It would be highly irresponsible for any proud and caring citizen to say they do not give a damn about “white flight” from increasingly Africanising neighbourhoods and schools. This spells death to the dream of nonracism, equality and justice.

Thank God, black Africans have not chased whites into the sea. But some whites are holding their ground and running away from working with us to build a society that so many people sacrificed their lives for.

To hell with racism. This must come to an immediate stop. It undermines the principles of our Constitution. We demand nonracism, justice and equality for all children, here and now.

But, again, it is superficial to solely attribute this withdrawal and flight to white racism. It is only human and natural to want the the best for oneself and one’s families and friends. Remember we live in an economic system that promotes greed and selfishness.

Much as there is enough for all our needs in this beautiful country, there are far too few people who are willing to share and redistribute what they have. Instead, everybody wants more for themselves only.

Also, I have witnessed some black Africans, so-called Indians and Coloured parents withdraw their children from some schools because it is increasingly becoming “too black”.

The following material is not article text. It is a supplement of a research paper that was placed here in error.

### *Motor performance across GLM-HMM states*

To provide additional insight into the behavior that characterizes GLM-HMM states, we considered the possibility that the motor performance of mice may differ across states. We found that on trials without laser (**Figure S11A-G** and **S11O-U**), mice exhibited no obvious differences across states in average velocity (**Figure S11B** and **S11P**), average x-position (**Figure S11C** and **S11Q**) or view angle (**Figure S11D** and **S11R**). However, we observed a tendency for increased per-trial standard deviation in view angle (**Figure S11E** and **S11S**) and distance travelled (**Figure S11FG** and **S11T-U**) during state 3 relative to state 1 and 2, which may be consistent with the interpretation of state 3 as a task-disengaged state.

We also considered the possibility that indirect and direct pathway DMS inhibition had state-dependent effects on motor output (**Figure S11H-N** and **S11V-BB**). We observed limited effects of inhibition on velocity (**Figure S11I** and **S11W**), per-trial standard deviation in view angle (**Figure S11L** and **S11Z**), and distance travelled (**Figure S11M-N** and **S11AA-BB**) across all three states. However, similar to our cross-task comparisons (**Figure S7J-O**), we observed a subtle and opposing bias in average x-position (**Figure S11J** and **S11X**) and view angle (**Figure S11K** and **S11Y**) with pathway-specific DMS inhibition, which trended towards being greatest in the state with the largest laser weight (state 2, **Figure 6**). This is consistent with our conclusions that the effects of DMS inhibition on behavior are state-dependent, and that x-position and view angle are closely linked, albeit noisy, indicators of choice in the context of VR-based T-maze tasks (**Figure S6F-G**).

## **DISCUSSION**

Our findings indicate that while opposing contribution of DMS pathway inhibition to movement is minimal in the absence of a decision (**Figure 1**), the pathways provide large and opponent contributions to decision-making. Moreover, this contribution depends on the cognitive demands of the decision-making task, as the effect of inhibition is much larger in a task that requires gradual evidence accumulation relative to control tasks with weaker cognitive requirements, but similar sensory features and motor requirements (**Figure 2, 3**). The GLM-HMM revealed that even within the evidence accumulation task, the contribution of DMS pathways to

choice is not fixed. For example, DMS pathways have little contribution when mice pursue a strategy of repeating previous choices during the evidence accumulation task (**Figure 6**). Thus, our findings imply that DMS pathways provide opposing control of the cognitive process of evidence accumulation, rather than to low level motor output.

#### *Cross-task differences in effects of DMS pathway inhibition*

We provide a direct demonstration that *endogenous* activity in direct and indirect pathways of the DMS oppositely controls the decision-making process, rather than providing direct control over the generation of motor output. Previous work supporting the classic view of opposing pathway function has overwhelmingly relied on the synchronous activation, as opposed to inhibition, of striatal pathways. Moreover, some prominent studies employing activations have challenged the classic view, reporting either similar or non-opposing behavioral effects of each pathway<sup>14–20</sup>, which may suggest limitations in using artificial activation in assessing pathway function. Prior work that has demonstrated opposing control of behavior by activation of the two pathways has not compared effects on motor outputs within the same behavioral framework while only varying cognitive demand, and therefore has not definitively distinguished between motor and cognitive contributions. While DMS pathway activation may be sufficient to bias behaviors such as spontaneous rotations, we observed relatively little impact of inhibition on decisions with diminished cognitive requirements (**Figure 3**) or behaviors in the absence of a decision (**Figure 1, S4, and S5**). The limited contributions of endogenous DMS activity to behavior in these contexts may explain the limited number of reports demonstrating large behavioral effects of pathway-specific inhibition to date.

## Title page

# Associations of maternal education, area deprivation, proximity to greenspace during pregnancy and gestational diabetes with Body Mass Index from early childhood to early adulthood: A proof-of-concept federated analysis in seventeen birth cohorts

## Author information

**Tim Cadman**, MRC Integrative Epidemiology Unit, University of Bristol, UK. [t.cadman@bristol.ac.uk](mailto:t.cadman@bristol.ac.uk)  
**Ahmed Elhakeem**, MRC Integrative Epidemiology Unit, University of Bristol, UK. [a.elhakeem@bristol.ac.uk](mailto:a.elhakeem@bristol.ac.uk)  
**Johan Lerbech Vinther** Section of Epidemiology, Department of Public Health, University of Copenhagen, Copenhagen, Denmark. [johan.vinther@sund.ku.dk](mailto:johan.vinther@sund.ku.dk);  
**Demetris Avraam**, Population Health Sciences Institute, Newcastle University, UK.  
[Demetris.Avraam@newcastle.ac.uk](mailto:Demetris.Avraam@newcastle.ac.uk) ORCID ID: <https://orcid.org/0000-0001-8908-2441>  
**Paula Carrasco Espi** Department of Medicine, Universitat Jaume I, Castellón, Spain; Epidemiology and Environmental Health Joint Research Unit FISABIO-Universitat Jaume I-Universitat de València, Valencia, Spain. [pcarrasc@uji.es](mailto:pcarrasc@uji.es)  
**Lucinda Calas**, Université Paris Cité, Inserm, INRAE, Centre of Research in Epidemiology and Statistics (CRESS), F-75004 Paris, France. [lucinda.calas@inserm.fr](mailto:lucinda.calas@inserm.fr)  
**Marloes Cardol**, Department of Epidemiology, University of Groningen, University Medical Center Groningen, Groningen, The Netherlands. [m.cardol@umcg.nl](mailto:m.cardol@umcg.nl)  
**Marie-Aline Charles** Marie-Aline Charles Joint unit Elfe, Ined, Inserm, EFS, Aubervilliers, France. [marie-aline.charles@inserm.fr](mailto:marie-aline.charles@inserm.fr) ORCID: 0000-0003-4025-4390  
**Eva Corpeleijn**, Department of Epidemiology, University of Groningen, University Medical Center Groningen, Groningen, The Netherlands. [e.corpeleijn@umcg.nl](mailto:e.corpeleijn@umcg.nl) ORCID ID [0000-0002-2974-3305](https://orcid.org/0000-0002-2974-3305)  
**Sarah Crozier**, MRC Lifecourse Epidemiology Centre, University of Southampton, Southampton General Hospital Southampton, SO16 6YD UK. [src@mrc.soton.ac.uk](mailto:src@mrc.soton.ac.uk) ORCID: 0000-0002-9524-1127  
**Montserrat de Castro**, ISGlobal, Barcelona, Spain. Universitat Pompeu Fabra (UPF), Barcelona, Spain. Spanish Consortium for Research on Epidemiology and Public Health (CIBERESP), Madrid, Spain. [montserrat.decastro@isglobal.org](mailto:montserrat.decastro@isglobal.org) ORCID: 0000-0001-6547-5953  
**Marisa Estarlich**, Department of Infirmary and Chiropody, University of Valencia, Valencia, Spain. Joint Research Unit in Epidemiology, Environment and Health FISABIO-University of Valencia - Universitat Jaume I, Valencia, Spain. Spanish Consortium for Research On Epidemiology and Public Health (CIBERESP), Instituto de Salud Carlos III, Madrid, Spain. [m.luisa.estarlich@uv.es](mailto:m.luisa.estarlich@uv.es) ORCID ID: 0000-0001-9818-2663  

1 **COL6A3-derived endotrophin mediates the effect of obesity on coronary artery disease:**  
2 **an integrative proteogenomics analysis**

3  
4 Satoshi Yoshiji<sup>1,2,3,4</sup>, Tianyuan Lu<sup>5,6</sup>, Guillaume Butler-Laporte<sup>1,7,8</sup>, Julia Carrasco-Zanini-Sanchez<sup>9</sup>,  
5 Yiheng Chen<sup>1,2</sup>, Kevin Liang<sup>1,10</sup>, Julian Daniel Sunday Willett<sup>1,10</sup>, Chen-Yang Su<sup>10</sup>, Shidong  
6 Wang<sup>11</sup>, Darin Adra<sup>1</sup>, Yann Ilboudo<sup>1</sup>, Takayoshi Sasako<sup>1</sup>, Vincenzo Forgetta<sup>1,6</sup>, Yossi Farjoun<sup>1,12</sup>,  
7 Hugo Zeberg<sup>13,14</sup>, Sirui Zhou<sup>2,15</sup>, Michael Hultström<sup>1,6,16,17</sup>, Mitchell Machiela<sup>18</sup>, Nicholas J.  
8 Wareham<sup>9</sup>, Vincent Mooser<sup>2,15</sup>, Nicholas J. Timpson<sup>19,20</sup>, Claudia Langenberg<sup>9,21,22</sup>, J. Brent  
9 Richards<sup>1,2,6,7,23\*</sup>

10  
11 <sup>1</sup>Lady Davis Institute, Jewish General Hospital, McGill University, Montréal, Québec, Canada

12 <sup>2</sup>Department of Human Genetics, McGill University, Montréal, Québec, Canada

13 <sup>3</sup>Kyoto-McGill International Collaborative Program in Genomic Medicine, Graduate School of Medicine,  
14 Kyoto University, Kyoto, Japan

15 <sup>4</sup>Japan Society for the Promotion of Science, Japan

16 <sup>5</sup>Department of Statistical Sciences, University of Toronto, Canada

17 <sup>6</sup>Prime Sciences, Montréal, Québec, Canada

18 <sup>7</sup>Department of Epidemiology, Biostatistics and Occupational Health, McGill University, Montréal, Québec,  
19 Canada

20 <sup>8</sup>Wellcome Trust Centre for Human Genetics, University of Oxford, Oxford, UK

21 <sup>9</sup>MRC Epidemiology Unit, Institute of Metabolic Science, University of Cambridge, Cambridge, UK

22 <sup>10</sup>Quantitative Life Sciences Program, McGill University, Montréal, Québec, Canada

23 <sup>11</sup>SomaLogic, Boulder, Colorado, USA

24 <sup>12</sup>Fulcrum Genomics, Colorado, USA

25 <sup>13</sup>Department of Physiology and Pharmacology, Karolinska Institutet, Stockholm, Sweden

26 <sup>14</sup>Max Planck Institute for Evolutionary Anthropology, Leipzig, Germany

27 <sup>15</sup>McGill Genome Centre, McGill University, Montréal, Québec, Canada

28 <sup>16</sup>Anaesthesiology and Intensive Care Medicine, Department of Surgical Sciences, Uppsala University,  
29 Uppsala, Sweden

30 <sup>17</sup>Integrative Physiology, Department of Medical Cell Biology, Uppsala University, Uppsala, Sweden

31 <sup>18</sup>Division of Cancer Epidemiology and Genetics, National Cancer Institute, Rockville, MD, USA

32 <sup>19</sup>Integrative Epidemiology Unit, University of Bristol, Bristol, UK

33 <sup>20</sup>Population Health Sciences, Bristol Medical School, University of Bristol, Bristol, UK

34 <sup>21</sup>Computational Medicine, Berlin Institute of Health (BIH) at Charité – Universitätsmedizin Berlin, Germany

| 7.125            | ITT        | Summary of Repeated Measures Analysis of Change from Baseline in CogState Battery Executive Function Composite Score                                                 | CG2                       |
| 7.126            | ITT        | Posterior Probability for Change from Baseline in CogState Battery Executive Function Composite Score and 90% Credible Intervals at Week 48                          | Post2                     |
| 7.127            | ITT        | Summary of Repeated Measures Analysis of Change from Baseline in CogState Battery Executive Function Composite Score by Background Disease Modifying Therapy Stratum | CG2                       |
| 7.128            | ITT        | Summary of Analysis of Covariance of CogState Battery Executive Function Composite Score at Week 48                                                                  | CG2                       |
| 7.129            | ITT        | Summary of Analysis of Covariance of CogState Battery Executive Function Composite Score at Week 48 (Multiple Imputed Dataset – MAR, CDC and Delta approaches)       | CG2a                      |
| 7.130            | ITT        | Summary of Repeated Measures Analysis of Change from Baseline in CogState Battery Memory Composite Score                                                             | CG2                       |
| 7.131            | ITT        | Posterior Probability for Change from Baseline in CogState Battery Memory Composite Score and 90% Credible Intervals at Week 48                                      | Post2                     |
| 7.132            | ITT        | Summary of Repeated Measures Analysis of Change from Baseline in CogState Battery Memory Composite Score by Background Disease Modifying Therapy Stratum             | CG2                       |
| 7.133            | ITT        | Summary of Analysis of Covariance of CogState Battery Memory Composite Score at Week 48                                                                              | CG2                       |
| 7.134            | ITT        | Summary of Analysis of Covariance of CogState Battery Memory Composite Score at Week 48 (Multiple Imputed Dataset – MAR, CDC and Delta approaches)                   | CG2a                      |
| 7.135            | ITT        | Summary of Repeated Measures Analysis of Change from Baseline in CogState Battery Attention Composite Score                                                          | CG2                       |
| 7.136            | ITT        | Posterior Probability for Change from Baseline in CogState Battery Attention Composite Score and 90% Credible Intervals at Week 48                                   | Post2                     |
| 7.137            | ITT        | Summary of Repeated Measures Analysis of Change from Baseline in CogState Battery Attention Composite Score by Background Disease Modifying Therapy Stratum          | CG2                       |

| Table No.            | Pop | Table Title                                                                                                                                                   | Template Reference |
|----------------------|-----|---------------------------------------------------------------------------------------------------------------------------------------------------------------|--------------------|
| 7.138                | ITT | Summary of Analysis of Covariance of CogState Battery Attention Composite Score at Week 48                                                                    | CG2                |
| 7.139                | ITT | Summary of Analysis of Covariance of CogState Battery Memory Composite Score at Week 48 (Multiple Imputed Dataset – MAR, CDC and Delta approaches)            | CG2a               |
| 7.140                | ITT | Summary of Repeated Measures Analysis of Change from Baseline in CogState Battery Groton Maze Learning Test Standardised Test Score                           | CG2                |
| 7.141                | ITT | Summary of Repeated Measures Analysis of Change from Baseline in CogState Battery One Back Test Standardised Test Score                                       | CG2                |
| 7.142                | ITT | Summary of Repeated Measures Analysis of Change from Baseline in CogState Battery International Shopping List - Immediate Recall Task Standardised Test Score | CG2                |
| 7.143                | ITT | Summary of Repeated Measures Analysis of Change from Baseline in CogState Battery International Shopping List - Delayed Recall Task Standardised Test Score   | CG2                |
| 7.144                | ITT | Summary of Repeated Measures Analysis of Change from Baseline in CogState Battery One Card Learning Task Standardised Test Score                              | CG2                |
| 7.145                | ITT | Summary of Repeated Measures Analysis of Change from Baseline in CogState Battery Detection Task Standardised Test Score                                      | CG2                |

There seems to be something about the lingering legacy of colonialism and apartheid that makes people insane and wish to distance themselves from what is misunderstood to be “blackness”. Despite the fact that it was redefined and repackaged by a young and highly gifted intellectual visionary, Steve Biko, it continues to have a negative connotation.

Blackness is a not a threat to this country but is its future, especially when we understand what Biko meant.

In 1986 – when the anti-apartheid resistance was gaining momentum and blacks turned against separate and segregated education – I was afforded the privilege to attend the exclusively white and Afrikaans University of Stellenbosch. This is the environment that shaped and developed the awareness that equality and justice will always mean black access to white privilege.

In fact, as early as 1912 with the founding of the African National Congress there was a belief that justice and equality will only mean access to white privilege. Thus for many previously disadvantaged people including black Africans, freedom and justice means having what white people have. Period!